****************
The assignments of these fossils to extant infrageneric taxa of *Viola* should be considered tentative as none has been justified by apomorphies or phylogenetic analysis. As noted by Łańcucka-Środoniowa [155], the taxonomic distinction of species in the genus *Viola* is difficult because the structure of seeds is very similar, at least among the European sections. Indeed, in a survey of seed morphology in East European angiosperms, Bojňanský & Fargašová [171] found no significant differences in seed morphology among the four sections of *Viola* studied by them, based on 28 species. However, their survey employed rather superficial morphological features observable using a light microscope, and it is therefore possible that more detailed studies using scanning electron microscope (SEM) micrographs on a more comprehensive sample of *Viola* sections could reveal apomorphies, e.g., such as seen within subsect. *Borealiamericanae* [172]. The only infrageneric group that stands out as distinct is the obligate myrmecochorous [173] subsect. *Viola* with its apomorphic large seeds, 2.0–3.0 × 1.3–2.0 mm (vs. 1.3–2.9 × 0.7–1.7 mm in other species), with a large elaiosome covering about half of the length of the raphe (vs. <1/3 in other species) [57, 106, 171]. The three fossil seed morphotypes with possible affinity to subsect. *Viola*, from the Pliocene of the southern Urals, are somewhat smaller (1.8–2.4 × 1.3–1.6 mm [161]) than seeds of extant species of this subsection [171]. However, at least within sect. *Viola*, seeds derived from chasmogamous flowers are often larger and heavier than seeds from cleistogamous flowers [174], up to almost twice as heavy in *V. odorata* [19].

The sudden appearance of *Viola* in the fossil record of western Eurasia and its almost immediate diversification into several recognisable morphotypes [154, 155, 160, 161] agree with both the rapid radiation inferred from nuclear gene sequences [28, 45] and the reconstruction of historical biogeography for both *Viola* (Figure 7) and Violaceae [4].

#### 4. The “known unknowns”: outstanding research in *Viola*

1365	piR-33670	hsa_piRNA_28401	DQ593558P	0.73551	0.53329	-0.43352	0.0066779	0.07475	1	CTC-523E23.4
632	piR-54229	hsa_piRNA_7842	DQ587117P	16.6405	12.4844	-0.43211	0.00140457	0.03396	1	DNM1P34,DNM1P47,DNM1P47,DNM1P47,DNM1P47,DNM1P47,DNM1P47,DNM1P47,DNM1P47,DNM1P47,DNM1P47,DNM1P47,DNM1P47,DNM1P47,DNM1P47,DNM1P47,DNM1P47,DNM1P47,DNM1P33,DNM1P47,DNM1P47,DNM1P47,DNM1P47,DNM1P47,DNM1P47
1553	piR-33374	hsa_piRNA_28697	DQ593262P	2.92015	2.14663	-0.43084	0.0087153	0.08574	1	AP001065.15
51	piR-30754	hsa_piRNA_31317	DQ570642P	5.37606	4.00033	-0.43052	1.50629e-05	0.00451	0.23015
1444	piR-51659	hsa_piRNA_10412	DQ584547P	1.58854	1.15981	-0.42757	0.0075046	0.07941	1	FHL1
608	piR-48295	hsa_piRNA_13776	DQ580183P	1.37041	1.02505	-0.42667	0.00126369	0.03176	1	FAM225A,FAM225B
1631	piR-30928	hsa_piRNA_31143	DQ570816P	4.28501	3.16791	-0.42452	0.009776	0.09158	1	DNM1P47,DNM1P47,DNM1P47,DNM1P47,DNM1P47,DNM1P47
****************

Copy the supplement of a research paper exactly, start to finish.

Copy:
The assignments of these fossils to extant infrageneric taxa of *Viola* should be considered tentative as none has been justified by apomorphies or phylogenetic analysis. As noted by Łańcucka-Środoniowa [155], the taxonomic distinction of species in the genus *Viola* is difficult because the structure of seeds is very similar, at least among the European sections. Indeed, in a survey of seed morphology in East European angiosperms, Bojňanský & Fargašová [171] found no significant differences in seed morphology among the four sections of *Viola* studied by them, based on 28 species. However, their survey employed rather superficial morphological features observable using a light microscope, and it is therefore possible that more detailed studies using scanning electron microscope (SEM) micrographs on a more comprehensive sample of *Viola* sections could reveal apomorphies, e.g., such as seen within subsect. *Borealiamericanae* [172]. The only infrageneric group that stands out as distinct is the obligate myrmecochorous [173] subsect. *Viola* with its apomorphic large seeds, 2.0–3.0 × 1.3–2.0 mm (vs. 1.3–2.9 × 0.7–1.7 mm in other species), with a large elaiosome covering about half of the length of the raphe (vs. <1/3 in other species) [57, 106, 171]. The three fossil seed morphotypes with possible affinity to subsect. *Viola*, from the Pliocene of the southern Urals, are somewhat smaller (1.8–2.4 × 1.3–1.6 mm [161]) than seeds of extant species of this subsection [171]. However, at least within sect. *Viola*, seeds derived from chasmogamous flowers are often larger and heavier than seeds from cleistogamous flowers [174], up to almost twice as heavy in *V. odorata* [19].

The sudden appearance of *Viola* in the fossil record of western Eurasia and its almost immediate diversification into several recognisable morphotypes [154, 155, 160, 161] agree with both the rapid radiation inferred from nuclear gene sequences [28, 45] and the reconstruction of historical biogeography for both *Viola* (Figure 7) and Violaceae [4].

#### 4. The “known unknowns”: outstanding research in *Viola*

1365	piR-33670	hsa_piRNA_28401	DQ593558P	0.73551	0.53329	-0.43352	0.0066779	0.07475	1	CTC-523E23.4
632	piR-54229	hsa_piRNA_7842	DQ587117P	16.6405	12.4844	-0.43211	0.00140457	0.03396	1	DNM1P34,DNM1P47,DNM1P47,DNM1P47,DNM1P47,DNM1P47,DNM1P47,DNM1P47,DNM1P47,DNM1P47,DNM1P47,DNM1P47,DNM1P47,DNM1P47,DNM1P47,DNM1P47,DNM1P47,DNM1P47,DNM1P33,DNM1P47,DNM1P47,DNM1P47,DNM1P47,DNM1P47,DNM1P47
1553	piR-33374	hsa_piRNA_28697	DQ593262P	2.92015	2.14663	-0.43084	0.0087153	0.08574	1	AP001065.15
51	piR-30754	hsa_piRNA_31317	DQ570642P	5.37606	4.00033	-0.43052	1.50629e-05	0.00451	0.23015
1444	piR-51659	hsa_piRNA_10412	DQ584547P	1.58854	1.15981	-0.42757	0.0075046	0.07941	1	FHL1
608	piR-48295	hsa_piRNA_13776	DQ580183P	1.37041	1.02505	-0.42667	0.00126369	0.03176	1	FAM225A,FAM225B
1631	piR-30928	hsa_piRNA_31143	DQ570816P	4.28501	3.16791	-0.42452	0.009776	0.09158	1	DNM1P47,DNM1P47,DNM1P47,DNM1P47,DNM1P47,DNM1P47